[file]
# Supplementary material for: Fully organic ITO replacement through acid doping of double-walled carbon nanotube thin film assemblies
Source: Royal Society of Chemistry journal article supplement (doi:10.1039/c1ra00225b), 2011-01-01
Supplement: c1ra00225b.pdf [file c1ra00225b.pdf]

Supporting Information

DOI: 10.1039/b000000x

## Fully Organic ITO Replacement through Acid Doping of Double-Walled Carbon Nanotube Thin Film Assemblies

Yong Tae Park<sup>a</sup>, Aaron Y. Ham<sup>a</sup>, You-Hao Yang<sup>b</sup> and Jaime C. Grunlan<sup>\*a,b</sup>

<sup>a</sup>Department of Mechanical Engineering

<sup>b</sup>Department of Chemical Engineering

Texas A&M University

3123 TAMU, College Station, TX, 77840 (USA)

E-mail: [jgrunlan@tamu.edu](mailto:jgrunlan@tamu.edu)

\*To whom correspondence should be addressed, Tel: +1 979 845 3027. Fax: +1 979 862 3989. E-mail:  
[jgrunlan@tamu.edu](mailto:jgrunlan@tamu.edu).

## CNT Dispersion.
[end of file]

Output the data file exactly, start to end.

# Supplementary material for: Fully organic ITO replacement through acid doping of double-walled carbon nanotube thin film assemblies
Source: Royal Society of Chemistry journal article supplement (doi:10.1039/c1ra00225b), 2011-01-01
Supplement: c1ra00225b.pdf [file c1ra00225b.pdf]

Supporting Information

DOI: 10.1039/b000000x

## Fully Organic ITO Replacement through Acid Doping of Double-Walled Carbon Nanotube Thin Film Assemblies

Yong Tae Park<sup>a</sup>, Aaron Y. Ham<sup>a</sup>, You-Hao Yang<sup>b</sup> and Jaime C. Grunlan<sup>\*a,b</sup>

<sup>a</sup>Department of Mechanical Engineering

<sup>b</sup>Department of Chemical Engineering

Texas A&M University

3123 TAMU, College Station, TX, 77840 (USA)

E-mail: [jgrunlan@tamu.edu](mailto:jgrunlan@tamu.edu)

\*To whom correspondence should be addressed, Tel: +1 979 845 3027. Fax: +1 979 862 3989. E-mail:  
[jgrunlan@tamu.edu](mailto:jgrunlan@tamu.edu).

## CNT Dispersion.